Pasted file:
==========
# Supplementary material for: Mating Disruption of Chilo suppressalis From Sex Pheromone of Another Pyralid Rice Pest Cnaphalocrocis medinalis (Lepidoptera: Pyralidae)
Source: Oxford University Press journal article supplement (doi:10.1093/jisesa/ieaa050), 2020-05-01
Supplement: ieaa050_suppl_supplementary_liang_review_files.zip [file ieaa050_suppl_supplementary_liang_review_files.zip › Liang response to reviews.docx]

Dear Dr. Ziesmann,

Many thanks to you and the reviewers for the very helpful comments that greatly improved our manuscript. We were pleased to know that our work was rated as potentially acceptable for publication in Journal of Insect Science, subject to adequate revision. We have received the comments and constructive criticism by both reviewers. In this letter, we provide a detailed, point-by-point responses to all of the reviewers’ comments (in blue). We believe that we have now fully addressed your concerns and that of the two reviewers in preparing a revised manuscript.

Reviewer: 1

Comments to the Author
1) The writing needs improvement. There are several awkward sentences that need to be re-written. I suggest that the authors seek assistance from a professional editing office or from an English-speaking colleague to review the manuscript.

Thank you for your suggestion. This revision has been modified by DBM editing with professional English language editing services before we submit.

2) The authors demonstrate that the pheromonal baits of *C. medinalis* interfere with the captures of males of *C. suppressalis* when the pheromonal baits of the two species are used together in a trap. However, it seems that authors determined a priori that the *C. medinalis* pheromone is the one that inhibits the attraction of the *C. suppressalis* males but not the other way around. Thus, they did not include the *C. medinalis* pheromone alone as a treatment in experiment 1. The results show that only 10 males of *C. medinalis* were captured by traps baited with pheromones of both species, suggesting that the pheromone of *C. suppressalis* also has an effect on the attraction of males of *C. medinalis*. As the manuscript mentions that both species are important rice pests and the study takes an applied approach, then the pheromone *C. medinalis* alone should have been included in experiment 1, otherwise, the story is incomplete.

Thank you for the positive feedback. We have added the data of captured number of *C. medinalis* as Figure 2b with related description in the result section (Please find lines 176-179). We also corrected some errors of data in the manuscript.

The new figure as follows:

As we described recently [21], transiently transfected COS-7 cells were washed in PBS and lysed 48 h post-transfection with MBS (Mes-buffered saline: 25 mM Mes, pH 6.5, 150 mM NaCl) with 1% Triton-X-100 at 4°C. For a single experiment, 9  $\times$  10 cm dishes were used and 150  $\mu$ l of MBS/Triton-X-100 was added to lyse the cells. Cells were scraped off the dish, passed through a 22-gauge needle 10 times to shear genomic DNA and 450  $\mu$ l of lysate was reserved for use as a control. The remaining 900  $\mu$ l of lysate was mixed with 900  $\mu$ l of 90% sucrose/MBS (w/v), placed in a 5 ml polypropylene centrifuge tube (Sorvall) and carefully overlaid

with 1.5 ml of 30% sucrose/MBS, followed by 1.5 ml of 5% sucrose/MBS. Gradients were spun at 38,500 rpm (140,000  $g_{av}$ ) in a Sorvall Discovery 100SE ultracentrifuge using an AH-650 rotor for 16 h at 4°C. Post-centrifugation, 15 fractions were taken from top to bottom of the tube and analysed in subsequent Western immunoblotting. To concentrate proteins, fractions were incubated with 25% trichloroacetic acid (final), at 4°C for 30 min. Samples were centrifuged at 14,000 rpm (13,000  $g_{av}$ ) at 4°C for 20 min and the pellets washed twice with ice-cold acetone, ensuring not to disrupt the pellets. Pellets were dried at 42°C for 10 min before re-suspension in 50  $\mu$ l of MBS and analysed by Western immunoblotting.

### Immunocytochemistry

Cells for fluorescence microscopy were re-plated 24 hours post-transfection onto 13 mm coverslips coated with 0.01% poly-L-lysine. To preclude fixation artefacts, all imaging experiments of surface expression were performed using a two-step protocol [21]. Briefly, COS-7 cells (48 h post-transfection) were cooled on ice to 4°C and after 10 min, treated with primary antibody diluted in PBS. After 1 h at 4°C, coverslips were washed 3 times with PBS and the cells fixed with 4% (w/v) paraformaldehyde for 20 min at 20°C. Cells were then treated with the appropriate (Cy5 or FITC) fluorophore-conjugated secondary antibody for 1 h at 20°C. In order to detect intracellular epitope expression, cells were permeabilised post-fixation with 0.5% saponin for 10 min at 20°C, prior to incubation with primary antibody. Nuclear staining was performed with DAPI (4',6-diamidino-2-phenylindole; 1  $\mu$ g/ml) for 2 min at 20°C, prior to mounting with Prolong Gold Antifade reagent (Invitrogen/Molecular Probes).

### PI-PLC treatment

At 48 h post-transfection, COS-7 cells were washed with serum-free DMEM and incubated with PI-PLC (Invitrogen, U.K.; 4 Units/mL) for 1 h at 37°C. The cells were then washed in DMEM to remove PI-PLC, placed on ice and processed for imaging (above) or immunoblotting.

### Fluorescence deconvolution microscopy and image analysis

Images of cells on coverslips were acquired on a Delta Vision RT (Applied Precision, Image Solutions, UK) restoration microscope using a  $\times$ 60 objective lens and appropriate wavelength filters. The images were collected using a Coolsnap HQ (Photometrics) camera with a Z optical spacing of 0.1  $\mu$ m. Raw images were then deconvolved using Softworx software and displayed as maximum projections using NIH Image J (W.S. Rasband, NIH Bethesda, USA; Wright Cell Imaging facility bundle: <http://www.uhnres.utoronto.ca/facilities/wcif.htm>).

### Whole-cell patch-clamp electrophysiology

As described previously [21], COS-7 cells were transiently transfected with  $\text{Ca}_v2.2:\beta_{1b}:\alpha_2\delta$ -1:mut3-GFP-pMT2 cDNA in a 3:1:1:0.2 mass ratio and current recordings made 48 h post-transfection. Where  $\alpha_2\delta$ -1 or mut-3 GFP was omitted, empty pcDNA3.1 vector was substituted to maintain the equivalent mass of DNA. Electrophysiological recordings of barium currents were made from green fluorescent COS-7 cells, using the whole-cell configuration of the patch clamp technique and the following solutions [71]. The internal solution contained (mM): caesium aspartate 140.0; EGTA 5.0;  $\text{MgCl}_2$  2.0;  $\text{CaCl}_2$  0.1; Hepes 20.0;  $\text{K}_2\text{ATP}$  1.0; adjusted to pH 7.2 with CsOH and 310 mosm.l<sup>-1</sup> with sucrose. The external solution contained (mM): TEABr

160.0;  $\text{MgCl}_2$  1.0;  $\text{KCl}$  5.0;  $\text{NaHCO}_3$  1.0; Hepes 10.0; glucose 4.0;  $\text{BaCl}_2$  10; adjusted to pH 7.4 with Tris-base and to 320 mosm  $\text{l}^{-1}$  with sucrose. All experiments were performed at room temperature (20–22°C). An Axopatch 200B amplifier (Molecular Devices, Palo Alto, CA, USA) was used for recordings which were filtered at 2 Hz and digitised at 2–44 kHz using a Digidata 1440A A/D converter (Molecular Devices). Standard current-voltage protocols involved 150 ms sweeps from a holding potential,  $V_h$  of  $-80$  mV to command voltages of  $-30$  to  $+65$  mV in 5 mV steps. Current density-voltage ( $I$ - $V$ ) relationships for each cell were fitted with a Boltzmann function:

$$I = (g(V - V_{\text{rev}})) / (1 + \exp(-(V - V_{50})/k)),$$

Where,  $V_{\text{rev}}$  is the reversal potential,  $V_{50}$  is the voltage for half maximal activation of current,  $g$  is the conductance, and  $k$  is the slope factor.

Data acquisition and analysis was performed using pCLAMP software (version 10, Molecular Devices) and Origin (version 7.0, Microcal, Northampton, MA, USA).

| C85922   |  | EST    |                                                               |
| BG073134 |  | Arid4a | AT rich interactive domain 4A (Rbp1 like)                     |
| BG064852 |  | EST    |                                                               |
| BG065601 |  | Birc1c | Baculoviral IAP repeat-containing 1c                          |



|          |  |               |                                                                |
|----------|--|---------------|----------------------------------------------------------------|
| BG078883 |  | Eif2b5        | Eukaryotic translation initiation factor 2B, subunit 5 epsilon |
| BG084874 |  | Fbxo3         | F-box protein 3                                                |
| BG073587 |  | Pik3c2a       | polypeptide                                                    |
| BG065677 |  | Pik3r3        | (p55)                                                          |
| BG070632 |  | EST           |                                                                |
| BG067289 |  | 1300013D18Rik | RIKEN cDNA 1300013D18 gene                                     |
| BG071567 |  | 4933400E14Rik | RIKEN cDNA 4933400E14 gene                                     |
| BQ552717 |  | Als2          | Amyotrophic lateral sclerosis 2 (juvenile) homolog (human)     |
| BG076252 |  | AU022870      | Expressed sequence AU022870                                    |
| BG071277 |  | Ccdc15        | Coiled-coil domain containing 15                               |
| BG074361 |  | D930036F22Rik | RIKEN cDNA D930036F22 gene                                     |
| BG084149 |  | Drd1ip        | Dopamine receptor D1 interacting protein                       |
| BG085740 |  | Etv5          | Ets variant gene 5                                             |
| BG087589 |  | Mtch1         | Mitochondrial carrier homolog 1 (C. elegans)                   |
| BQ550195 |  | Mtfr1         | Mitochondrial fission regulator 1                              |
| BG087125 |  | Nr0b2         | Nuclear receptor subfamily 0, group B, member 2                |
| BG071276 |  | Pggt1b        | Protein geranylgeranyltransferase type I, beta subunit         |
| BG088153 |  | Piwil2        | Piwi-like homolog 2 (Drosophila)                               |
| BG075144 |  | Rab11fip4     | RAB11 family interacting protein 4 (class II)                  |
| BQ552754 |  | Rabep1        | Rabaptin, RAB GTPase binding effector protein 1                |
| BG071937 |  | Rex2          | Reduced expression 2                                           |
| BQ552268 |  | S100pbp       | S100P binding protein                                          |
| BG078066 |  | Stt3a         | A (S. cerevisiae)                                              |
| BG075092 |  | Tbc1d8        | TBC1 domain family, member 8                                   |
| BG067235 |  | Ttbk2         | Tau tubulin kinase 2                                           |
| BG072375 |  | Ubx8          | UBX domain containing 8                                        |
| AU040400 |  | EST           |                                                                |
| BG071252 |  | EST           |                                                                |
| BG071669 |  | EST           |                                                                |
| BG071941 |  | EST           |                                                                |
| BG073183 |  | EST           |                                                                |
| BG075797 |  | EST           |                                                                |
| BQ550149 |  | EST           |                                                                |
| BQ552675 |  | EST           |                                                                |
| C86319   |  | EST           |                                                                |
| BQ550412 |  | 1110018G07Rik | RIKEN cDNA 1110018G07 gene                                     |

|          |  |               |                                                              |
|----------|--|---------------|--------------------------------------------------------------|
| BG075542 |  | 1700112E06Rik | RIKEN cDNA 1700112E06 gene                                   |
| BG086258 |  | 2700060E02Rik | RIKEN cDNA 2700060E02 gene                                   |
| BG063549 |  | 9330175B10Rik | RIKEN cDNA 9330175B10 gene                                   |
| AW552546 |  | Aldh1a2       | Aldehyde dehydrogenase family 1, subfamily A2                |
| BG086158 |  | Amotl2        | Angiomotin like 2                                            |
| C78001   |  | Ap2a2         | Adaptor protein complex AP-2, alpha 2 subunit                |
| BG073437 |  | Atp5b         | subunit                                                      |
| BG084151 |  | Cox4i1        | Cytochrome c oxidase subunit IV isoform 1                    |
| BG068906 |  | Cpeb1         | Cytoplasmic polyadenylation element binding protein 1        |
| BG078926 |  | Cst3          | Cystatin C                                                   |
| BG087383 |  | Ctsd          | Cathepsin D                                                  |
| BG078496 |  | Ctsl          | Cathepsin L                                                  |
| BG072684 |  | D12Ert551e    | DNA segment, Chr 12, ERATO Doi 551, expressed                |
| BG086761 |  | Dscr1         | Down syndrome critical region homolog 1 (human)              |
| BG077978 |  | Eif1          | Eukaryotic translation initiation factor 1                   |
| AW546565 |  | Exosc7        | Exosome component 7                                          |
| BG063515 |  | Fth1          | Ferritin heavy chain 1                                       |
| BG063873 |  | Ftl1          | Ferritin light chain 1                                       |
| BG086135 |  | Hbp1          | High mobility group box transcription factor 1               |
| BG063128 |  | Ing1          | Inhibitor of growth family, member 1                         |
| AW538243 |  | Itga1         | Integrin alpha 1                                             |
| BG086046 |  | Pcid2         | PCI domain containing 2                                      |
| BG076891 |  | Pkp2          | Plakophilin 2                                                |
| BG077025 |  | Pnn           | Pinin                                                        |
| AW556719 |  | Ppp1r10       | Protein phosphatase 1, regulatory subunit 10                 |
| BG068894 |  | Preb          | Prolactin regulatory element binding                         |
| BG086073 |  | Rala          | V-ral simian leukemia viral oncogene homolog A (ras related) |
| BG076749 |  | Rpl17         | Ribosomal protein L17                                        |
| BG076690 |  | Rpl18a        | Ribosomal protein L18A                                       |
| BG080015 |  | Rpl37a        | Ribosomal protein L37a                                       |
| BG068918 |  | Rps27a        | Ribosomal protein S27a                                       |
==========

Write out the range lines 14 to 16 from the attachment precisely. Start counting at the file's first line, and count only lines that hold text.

with 1.5 ml of 30% sucrose/MBS, followed by 1.5 ml of 5% sucrose/MBS. Gradients were spun at 38,500 rpm (140,000  $g_{av}$ ) in a Sorvall Discovery 100SE ultracentrifuge using an AH-650 rotor for 16 h at 4°C. Post-centrifugation, 15 fractions were taken from top to bottom of the tube and analysed in subsequent Western immunoblotting. To concentrate proteins, fractions were incubated with 25% trichloroacetic acid (final), at 4°C for 30 min. Samples were centrifuged at 14,000 rpm (13,000  $g_{av}$ ) at 4°C for 20 min and the pellets washed twice with ice-cold acetone, ensuring not to disrupt the pellets. Pellets were dried at 42°C for 10 min before re-suspension in 50  $\mu$ l of MBS and analysed by Western immunoblotting.

### Immunocytochemistry

Cells for fluorescence microscopy were re-plated 24 hours post-transfection onto 13 mm coverslips coated with 0.01% poly-L-lysine. To preclude fixation artefacts, all imaging experiments of surface expression were performed using a two-step protocol [21]. Briefly, COS-7 cells (48 h post-transfection) were cooled on ice to 4°C and after 10 min, treated with primary antibody diluted in PBS. After 1 h at 4°C, coverslips were washed 3 times with PBS and the cells fixed with 4% (w/v) paraformaldehyde for 20 min at 20°C. Cells were then treated with the appropriate (Cy5 or FITC) fluorophore-conjugated secondary antibody for 1 h at 20°C. In order to detect intracellular epitope expression, cells were permeabilised post-fixation with 0.5% saponin for 10 min at 20°C, prior to incubation with primary antibody. Nuclear staining was performed with DAPI (4',6-diamidino-2-phenylindole; 1  $\mu$ g/ml) for 2 min at 20°C, prior to mounting with Prolong Gold Antifade reagent (Invitrogen/Molecular Probes).